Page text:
: preferred, so far as be personally was
! concerned, to say nothing, lie con
i firmed the report that there was a dif
-1 ference between himself and the rest
! of the Cabiuet in regard to the release
' of the suspects, which release he con
demned. The Coercion act, he said,
| had broken up the League, or put it
under petticoats, and rents were being
better paid, but he feared that an un
conditional release would undo all the
good effects of the act. Mr. Forsler,
in justifying the arrest of Mr. Parnell,
said that Mr. Purnell, if he had been
allowed, would have become the un
crowned K-ing of I reland.
j in tho Citiuln.
Our ring. Exlracl From Col
liißer*oll'HI iißer*oll'H Mrcoralion Day
The Hag for which the heroes fought,
for which tbev died, is the symbol of
all we hope to be. It is the symbol of
equal rights. It means free bauds, free
l ; ps, self government, and the sover
eignty of the people. [Applause.] It
means that this continent has been dedi
cated to freedom. It means universal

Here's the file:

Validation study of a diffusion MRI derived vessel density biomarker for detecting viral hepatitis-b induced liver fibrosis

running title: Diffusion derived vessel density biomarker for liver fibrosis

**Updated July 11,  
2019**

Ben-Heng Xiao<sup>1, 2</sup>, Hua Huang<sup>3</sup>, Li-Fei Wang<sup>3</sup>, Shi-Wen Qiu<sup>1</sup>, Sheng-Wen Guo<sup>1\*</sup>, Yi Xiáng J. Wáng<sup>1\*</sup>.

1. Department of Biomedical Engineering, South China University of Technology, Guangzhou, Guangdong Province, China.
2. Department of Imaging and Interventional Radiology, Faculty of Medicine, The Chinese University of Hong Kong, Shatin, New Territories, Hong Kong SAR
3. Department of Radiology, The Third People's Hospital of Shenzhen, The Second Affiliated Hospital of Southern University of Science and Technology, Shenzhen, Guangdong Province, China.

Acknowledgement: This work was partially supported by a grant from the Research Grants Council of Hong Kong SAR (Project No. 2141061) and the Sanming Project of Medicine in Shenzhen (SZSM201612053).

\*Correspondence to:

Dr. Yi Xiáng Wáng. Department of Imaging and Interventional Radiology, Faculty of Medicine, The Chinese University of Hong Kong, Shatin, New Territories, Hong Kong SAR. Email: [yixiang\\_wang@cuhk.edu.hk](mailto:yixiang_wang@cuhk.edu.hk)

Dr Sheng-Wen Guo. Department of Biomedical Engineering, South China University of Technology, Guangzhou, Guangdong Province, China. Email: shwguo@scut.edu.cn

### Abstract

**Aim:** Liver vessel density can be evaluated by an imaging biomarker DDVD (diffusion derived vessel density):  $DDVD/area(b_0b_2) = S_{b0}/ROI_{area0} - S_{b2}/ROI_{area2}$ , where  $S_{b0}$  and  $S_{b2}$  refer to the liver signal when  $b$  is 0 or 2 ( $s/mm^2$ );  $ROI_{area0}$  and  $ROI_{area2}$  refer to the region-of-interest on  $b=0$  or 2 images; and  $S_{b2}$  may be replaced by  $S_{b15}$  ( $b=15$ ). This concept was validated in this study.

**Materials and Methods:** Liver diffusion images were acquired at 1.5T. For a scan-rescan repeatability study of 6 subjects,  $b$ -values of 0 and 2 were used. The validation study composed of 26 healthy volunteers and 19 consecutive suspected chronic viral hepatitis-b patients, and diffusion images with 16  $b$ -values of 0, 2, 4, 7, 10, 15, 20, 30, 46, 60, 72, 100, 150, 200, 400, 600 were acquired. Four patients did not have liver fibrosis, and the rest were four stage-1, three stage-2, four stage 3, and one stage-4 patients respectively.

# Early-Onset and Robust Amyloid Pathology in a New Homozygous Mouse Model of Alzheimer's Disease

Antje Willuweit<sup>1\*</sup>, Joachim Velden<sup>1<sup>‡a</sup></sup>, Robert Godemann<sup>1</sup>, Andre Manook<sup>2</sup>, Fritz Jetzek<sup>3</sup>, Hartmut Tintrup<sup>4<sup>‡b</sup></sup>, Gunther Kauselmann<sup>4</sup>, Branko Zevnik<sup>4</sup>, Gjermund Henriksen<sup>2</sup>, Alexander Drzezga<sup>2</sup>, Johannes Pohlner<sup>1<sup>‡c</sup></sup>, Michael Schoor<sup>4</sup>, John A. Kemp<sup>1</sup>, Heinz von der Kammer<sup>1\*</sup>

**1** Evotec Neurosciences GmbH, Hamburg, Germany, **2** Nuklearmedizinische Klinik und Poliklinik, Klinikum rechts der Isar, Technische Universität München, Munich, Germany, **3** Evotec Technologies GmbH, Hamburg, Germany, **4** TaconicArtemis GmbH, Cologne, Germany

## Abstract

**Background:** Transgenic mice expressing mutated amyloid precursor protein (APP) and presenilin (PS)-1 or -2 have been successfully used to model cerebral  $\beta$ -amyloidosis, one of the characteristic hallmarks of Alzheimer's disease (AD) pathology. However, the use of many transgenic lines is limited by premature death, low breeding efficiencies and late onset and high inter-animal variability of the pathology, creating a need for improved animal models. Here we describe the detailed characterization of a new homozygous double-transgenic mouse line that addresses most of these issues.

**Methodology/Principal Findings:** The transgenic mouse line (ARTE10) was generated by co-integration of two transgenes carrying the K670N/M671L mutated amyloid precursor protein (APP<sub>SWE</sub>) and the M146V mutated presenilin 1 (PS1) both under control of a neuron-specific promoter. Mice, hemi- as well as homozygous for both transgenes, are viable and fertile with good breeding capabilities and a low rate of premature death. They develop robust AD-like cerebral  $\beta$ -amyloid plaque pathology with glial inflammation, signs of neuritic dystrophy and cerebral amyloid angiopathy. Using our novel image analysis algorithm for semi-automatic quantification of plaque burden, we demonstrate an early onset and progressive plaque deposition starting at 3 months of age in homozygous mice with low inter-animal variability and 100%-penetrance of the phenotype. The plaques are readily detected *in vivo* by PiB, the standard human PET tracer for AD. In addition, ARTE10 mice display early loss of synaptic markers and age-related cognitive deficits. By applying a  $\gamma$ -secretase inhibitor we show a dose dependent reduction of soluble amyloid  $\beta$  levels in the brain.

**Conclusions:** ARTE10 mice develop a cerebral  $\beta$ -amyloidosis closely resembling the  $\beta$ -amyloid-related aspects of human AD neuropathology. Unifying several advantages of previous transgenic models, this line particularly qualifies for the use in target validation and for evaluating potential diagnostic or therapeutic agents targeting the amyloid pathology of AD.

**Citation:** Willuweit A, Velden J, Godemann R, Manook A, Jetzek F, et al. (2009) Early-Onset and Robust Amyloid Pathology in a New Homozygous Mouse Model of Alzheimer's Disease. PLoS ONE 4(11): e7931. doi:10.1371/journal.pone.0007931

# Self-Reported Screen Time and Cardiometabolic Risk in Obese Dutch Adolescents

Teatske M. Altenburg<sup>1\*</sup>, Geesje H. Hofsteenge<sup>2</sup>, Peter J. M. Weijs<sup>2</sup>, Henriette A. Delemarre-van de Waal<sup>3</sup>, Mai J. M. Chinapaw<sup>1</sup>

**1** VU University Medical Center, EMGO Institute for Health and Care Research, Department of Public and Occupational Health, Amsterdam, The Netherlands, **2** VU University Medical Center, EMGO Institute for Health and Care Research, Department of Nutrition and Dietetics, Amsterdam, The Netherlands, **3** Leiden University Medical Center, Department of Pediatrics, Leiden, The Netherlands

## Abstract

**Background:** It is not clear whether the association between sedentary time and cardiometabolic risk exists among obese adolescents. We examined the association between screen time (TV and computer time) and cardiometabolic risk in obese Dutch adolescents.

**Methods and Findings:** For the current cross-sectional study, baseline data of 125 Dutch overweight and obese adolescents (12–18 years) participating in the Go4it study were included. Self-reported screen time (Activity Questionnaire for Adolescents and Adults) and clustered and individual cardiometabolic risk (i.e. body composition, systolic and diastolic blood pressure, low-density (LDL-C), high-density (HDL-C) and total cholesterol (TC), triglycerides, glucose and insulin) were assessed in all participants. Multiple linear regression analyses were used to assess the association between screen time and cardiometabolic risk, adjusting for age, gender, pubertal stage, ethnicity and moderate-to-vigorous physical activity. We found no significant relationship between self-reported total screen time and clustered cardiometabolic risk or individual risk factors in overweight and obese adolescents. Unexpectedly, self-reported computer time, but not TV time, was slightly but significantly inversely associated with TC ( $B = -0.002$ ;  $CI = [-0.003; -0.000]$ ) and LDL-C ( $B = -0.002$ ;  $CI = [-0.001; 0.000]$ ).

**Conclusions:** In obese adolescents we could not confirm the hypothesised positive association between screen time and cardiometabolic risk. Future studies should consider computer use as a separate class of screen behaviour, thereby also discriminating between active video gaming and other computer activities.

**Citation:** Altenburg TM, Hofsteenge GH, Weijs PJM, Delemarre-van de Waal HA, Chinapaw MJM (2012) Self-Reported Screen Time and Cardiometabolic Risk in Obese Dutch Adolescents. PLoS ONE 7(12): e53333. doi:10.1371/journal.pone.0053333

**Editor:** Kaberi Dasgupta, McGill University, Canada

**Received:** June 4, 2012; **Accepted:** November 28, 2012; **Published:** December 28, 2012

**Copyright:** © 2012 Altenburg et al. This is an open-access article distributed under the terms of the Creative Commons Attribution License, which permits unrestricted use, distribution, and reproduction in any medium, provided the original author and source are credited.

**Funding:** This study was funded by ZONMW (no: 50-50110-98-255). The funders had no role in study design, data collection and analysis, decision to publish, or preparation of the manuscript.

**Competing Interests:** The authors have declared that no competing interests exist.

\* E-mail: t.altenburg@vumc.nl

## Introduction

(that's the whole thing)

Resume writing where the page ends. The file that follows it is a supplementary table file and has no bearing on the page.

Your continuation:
education, light for every mind, knowl
edge for every child. It moans that
the school house is the fortress of liber
ty. It means that 'Governments de
rive their just powers from the consent
of the governed ;' that each man is ac
countable to and for the Government,
in that responsibility goes hand in hand
with liberty. [Applause.] It means
that it is the duty of every citizen to
boar his share of the public burden, to
take part in the affairs of his town, his
cjuuty, his Stat;' and his country. It
means that the ballot-box is the ark of
the covenant; that the source of
authority must not be poisoned.
[Cheers.] It means the perpetual